Restoring the Function of an Immune Receptor Involved in Crohn’s Disease

Gut bacteria
Receptor proteins bind to bacterial cell wall fragments, initiating an immune response to remove bad gut bacteria. Credit: S. Melanie Lee, Caltech; Zbigniew Mikulski and Klaus Ley, La Jolla Institute for Allergy and Immunology.

Our bodies depend on a set of immune receptors to remove harmful bacteria and control the growth of helpful bacteria in our guts. Genetic changes that alter the function of the receptors can have an adverse effect and result in chronic inflammatory diseases like Crohn’s disease. Catherine Leimkuhler Grimes and Vishnu Mohanan of the University of Delaware researched a Crohn’s-associated immune receptor, NOD2, to figure out how it can lose the ability to respond properly to bacteria. In the process, they identified the involvement of a protective protein called HSP70. Increasing HSP70 levels in kidney, colon and white blood cells appeared to restore NOD2 function. This work represents a first step toward developing drugs to treat Crohn’s disease.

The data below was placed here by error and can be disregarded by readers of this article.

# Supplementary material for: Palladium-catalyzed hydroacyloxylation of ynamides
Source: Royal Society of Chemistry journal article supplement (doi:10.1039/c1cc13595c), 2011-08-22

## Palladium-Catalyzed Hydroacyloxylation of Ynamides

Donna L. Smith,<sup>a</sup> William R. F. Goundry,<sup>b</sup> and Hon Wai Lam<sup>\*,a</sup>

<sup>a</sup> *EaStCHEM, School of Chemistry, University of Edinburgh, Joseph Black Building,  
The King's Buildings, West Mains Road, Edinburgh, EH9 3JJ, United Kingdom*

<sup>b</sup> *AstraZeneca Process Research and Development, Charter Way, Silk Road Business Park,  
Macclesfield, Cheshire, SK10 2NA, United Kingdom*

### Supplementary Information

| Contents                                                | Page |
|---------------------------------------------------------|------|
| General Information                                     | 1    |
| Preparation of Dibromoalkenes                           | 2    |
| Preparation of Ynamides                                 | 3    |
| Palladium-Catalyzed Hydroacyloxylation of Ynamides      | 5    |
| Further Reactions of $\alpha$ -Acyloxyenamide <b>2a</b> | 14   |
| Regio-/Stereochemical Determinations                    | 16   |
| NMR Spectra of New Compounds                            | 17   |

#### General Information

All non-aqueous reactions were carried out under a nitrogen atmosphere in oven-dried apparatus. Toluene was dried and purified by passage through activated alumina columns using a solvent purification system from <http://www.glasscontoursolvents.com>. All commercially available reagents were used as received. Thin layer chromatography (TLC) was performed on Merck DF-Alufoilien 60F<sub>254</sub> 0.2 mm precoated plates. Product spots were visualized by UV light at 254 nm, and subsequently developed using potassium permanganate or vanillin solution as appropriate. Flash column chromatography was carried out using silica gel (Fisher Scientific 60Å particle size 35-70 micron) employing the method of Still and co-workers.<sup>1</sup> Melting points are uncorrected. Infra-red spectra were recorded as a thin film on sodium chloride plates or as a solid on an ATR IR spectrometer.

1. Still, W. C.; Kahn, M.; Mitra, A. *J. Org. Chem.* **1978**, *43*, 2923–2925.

This work was funded in part by an Institutional Development Award (IDeA) Network of Biomedical Research Excellence (INBRE) grant.

4 comments on “Restoring the Function of an Immune Receptor Involved in Crohn’s Disease

  1. If there are clinical trials and the need for those with Crohn’s disease to be a part
    of those trials, I would like to be considered.

Post a Comment

Required fields are marked *

Please note: Comment moderation is enabled and may delay your comment. There is no need to resubmit your comment.

*